Santa Clara Magazine is published in print for alumni and friends of the University. It is updated weekly on the web.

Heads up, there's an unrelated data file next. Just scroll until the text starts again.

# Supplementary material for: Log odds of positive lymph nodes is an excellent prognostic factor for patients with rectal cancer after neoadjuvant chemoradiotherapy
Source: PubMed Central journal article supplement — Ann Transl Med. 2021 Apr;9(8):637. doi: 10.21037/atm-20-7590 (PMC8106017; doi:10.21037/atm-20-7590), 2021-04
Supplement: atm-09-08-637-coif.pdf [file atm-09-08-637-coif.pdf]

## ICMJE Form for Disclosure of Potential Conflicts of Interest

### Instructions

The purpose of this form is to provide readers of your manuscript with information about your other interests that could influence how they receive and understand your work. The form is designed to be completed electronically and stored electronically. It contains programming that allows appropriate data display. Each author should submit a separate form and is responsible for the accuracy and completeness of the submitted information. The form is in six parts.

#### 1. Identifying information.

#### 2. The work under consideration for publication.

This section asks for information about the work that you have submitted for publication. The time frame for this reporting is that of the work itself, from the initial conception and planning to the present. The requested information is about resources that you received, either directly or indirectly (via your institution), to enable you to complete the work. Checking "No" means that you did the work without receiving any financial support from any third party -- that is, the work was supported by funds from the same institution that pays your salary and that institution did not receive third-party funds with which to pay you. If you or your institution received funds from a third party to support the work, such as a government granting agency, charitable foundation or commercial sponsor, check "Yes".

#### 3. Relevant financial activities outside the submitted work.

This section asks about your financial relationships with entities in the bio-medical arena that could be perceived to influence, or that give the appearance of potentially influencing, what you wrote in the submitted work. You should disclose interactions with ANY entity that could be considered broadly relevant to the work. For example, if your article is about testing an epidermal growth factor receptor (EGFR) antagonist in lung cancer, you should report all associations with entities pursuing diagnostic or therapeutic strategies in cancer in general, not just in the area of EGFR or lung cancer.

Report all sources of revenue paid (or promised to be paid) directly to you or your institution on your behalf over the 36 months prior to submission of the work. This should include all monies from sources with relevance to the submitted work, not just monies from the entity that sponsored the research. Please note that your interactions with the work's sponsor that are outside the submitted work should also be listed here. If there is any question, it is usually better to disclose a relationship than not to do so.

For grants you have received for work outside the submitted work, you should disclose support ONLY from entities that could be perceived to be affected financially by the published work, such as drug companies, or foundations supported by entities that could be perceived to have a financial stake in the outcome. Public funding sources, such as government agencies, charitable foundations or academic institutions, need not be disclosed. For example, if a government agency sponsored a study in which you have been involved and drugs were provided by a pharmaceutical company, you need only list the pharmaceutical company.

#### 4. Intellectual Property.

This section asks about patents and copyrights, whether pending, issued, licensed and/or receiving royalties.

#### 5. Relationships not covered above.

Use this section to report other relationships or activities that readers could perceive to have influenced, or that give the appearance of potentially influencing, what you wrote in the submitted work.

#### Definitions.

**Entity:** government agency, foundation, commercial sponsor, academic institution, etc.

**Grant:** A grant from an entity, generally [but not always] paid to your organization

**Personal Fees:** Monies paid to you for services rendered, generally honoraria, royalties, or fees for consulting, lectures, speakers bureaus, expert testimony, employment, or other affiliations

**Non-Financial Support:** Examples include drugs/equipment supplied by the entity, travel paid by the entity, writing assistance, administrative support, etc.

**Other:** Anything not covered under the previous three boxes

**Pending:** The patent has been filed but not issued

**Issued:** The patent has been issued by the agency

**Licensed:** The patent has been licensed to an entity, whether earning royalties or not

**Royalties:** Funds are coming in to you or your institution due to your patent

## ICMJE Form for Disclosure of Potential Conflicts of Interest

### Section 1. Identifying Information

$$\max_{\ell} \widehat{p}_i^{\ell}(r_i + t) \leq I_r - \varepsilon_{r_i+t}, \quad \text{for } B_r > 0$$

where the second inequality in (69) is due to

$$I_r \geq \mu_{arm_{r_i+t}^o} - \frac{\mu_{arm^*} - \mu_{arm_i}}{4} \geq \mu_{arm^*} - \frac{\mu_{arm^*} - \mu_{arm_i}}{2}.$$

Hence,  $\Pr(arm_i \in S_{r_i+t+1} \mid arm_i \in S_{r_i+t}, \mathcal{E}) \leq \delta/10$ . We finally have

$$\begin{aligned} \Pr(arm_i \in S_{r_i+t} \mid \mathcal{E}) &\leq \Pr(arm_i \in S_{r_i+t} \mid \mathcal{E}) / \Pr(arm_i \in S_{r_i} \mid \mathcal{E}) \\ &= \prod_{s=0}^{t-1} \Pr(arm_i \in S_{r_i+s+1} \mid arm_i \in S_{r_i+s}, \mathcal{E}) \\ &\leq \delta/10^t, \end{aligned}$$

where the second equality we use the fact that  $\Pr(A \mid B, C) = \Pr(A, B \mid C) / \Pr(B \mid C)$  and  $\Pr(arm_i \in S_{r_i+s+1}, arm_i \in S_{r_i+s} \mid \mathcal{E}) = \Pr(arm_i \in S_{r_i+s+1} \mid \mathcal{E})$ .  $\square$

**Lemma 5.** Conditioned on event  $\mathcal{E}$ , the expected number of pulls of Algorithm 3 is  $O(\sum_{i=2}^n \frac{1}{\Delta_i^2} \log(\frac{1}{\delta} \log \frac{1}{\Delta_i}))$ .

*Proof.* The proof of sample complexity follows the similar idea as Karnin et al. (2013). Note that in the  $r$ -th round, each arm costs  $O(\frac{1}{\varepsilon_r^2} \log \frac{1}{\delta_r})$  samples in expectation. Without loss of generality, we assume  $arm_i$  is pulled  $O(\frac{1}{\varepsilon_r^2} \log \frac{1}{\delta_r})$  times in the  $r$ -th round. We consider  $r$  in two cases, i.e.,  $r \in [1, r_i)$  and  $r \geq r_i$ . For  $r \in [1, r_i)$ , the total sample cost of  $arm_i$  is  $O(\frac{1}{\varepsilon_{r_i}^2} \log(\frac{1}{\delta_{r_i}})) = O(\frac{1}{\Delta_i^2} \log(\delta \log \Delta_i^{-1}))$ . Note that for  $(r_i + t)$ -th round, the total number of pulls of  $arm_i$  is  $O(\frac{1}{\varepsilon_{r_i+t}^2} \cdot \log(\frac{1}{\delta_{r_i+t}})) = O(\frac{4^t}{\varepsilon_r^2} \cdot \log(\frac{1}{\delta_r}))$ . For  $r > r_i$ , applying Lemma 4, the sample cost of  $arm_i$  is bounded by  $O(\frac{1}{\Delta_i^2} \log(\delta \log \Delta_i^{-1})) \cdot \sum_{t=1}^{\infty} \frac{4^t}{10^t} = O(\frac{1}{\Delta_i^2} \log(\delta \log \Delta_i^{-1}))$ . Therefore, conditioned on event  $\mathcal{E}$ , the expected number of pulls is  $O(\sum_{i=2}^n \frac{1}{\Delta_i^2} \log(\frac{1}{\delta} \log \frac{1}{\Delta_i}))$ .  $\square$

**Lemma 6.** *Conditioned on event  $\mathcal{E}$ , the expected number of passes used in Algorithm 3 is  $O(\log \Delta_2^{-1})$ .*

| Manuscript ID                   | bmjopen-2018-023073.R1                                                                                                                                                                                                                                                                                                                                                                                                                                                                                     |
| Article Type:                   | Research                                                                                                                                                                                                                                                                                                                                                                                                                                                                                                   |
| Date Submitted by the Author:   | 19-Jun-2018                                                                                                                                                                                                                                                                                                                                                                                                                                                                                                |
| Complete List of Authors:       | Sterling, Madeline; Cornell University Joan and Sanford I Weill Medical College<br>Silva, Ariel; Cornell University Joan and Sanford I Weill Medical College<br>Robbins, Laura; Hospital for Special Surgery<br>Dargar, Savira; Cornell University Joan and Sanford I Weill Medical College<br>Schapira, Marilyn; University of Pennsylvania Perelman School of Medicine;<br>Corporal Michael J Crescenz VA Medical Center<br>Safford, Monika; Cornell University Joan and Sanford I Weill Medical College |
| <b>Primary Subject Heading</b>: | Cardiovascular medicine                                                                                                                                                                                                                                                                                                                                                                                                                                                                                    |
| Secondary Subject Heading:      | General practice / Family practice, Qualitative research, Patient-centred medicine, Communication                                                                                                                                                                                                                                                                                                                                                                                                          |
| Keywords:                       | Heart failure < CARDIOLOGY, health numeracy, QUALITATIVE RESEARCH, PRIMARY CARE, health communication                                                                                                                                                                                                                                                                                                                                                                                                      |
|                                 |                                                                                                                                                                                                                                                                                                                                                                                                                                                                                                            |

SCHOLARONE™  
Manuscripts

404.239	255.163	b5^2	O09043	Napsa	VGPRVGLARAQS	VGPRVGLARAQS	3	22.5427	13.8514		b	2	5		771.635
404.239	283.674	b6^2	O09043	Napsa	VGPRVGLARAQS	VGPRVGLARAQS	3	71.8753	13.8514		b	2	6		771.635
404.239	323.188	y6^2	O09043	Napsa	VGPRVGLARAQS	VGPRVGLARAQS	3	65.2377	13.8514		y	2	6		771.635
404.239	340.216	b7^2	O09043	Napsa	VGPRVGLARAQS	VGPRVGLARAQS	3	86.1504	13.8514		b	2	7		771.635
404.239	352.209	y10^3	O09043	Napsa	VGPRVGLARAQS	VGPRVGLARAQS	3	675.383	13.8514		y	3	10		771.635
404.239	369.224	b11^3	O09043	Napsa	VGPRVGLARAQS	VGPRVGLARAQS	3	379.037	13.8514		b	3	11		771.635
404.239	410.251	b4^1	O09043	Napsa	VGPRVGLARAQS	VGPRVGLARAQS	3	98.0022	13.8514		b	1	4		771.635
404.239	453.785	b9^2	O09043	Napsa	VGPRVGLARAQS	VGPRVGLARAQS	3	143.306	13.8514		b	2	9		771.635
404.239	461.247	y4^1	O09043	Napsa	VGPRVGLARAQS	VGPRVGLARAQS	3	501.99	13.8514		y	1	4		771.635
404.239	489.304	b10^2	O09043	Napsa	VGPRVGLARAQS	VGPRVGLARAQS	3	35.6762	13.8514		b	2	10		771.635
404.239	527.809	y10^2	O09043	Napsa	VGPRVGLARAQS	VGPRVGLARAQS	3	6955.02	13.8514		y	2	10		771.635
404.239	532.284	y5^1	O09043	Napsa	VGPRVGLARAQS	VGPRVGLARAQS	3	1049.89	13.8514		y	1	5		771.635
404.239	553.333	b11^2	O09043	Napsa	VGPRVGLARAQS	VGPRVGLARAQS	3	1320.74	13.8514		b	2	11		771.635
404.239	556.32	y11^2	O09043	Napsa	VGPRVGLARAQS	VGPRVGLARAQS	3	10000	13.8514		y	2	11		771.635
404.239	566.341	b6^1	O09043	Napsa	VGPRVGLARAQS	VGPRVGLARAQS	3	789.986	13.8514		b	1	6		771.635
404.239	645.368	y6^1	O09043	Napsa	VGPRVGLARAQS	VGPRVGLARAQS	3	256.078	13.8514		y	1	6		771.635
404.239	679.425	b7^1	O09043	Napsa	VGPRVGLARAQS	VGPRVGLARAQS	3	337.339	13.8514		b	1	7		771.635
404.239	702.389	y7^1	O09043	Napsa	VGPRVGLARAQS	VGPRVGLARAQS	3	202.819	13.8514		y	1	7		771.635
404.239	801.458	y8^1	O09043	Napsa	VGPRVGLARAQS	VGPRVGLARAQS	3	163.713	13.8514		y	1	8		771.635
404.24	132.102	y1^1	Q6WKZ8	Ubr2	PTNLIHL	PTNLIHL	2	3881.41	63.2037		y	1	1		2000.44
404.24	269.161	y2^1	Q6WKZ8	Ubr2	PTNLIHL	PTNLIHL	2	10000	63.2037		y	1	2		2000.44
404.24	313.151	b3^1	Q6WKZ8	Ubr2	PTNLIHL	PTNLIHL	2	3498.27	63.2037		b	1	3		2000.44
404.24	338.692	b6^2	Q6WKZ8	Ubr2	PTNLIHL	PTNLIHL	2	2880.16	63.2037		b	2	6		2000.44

Larry F. Higgins ’61, 75, stepped beyond his journey with lymphoma on Nov. 27, 2012. Larry is survived by his loving wife, Charii; a son, Damon and his wife, Kerena; two grandchildren, Connor and Abigail; five siblings, Jack Higgins, Marion Walters, Bob Higgins, Patricia Cates and Eileen Higgins-Lower; and one sad dog, Katie. His parents and oldest son preceded him in death. Larry was born in Yonkers, N.Y., in August 1937 to John and Marion Higgins. He was the fourth of six children and the darling of all (although he did not know it). After several moves his family settled in Pasadena, Calif., where Larry proceeded to make a name for himself delivering newspapers (uphill both ways and in driving snow storms), and playing football and baseball for St. Francis High School. One of his proudest moments, next to the birth of his children, was his induction into his high school’s hall of fame for his tenacious pitching, wild knuckleballs, and outstanding leadership. These same qualities helped him pitch spring batting practice for the Los Angeles Dodgers and be a four-year starter for Santa Clara University’s baseball team. Upon graduation from college, Larry accepted a commission in the U.S. Army. He served seven years, one in Vietnam flying helicopters, and earned the regular Army rank of captain and a Reserve rank of major. Prior to deployment to Vietnam, Larry met and married his best blind date and lifelong love, Charii. Together they moved to Spokane to raise their two children, Larry John and Damon. Larry took a managerial position with American Handicrafts, where he worked hard and was promoted to district and then regional manager. After several years he took a job with the Washington State Liquor Control Board, where he managed the Pullman store. He retired after 19 years and spent his time eating ice cream, traveling with his wife and dog in their fifth wheel, playing golf, visiting his grandchildren, and trying to strike out cancer in the biggest game of his life. The lefty took it into extra innings and left the game with his head high. Larry was a deeply private person; however, he met people with kindness, respect and a gentle tease. He will be missed deeply by those he touched, especially his loving family. GOD bless and keep you!